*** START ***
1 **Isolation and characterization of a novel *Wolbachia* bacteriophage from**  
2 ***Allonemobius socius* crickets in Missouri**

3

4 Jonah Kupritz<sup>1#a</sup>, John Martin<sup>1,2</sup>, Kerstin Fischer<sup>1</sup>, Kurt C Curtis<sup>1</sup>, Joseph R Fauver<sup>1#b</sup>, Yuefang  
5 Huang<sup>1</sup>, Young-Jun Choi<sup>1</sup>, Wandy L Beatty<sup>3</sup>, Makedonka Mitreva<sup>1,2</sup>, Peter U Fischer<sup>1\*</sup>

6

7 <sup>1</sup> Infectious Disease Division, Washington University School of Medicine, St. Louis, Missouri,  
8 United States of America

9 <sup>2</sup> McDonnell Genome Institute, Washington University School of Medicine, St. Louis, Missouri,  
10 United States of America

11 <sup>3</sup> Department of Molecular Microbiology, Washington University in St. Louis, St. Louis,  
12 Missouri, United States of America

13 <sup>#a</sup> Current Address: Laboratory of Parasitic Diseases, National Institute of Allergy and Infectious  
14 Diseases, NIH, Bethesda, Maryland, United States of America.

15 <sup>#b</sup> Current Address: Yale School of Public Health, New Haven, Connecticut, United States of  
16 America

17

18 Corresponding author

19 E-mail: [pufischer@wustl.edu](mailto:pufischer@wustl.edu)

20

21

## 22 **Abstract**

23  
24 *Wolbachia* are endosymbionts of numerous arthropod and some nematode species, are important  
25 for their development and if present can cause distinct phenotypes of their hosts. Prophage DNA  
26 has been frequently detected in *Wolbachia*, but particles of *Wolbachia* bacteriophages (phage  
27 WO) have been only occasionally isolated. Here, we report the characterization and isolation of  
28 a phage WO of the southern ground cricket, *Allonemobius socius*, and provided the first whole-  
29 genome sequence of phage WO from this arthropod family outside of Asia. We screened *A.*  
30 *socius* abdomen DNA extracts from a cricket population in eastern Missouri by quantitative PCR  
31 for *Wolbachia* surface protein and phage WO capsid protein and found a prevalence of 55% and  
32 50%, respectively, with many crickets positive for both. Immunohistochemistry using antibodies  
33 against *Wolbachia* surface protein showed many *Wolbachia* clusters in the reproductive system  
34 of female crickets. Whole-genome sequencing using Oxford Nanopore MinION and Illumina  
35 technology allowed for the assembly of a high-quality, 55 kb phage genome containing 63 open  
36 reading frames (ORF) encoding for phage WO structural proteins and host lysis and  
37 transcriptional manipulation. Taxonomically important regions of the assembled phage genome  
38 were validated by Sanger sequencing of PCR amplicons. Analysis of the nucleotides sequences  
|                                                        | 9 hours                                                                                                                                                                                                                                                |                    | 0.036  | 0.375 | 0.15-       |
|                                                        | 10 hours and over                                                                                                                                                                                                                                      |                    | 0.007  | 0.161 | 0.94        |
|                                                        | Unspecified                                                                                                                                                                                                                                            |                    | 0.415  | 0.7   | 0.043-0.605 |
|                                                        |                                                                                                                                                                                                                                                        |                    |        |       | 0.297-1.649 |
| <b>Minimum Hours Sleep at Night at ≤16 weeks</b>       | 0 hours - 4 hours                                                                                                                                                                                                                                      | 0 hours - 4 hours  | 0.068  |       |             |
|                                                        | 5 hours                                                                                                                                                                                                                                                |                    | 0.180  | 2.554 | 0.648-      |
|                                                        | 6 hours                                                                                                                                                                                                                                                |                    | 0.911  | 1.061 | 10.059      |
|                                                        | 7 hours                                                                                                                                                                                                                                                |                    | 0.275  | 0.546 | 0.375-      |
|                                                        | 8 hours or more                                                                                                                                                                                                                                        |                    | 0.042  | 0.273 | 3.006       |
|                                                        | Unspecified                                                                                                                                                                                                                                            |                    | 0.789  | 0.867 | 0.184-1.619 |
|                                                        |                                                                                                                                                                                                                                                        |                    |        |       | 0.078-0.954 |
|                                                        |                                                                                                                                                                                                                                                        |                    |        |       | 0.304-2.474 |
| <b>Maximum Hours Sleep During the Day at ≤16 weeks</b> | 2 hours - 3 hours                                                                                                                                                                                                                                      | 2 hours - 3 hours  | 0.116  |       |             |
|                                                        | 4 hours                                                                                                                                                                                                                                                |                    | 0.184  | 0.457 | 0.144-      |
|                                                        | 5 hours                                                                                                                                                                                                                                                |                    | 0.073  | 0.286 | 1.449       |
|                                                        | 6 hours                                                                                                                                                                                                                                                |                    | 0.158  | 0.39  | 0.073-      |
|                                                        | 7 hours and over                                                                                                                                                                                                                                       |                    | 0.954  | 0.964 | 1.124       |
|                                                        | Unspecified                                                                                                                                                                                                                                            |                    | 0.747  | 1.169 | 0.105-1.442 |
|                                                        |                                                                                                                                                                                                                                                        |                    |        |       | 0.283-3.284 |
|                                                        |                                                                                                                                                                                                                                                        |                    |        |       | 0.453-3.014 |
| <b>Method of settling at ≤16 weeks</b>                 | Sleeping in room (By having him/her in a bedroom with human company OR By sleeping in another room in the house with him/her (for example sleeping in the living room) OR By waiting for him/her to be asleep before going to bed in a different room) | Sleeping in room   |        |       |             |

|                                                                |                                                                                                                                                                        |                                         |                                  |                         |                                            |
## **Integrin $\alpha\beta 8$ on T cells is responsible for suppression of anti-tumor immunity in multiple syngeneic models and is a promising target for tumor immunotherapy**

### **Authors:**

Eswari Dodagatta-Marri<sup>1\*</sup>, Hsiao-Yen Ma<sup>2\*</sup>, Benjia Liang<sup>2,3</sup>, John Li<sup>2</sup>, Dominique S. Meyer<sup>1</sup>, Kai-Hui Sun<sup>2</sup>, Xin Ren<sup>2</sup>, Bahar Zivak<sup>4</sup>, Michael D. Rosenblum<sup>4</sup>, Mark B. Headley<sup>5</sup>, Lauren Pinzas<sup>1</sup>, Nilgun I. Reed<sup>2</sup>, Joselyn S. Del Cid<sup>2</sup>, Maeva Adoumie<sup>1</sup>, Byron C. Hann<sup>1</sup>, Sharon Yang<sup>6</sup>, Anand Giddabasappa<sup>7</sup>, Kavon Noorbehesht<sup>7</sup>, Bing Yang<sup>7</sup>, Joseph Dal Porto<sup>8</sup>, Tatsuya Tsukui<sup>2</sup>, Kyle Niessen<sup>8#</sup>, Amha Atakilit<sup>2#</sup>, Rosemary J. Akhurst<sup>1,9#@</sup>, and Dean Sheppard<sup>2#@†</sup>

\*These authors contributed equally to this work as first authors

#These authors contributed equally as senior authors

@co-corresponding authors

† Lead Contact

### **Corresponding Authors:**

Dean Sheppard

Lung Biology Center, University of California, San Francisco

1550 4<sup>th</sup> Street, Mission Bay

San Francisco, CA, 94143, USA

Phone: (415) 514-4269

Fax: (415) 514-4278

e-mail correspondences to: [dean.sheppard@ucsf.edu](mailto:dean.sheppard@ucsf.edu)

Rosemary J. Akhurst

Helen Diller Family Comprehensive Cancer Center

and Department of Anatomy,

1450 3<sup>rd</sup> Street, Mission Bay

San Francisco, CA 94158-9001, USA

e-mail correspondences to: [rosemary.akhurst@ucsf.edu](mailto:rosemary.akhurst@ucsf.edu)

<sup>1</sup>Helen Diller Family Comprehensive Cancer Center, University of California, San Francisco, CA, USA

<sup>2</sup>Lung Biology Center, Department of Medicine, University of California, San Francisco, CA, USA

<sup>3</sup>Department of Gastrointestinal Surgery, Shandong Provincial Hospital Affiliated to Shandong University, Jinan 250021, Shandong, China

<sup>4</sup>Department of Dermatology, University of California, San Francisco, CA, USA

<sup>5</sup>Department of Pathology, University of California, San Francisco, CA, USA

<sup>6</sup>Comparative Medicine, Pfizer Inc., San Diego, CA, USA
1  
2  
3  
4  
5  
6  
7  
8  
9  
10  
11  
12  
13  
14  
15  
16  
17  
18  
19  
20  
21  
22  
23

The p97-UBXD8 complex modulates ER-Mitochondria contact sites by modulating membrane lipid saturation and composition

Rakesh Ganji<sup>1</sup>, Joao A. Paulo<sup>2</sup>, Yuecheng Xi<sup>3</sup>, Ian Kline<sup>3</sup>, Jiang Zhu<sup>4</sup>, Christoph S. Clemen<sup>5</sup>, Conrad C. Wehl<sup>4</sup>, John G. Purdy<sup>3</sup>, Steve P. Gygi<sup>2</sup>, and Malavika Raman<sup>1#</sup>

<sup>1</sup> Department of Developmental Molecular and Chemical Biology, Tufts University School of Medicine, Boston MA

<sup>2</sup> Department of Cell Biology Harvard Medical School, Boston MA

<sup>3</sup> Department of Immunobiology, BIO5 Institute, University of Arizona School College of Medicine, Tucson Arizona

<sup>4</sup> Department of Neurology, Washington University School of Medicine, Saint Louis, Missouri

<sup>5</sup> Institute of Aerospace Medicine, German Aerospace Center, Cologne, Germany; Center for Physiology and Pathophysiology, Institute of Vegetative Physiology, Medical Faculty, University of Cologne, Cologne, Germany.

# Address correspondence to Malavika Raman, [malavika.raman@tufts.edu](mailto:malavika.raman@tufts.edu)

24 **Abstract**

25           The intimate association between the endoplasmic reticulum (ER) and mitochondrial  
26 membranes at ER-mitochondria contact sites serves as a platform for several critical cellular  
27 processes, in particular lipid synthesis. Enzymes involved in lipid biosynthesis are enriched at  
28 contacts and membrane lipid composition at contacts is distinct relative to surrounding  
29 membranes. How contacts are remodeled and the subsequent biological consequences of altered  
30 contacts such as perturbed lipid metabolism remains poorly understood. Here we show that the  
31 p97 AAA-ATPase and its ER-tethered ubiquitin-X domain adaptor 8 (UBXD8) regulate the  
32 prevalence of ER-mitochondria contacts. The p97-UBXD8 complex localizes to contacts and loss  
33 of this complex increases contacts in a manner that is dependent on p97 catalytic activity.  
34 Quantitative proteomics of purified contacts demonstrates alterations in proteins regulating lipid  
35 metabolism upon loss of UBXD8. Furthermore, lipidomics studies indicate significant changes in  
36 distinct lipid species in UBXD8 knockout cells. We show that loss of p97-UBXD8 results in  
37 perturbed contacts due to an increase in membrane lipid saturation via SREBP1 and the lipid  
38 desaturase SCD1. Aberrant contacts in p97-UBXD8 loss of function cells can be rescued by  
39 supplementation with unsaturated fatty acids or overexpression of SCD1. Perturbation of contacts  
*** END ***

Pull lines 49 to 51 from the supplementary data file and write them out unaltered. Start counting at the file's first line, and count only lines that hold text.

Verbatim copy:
|                                                        |                                                                                                                                                                                                                                                        |                    |        |       | 0.078-0.954 |
|                                                        |                                                                                                                                                                                                                                                        |                    |        |       | 0.304-2.474 |
| <b>Maximum Hours Sleep During the Day at ≤16 weeks</b> | 2 hours - 3 hours                                                                                                                                                                                                                                      | 2 hours - 3 hours  | 0.116  |       |             |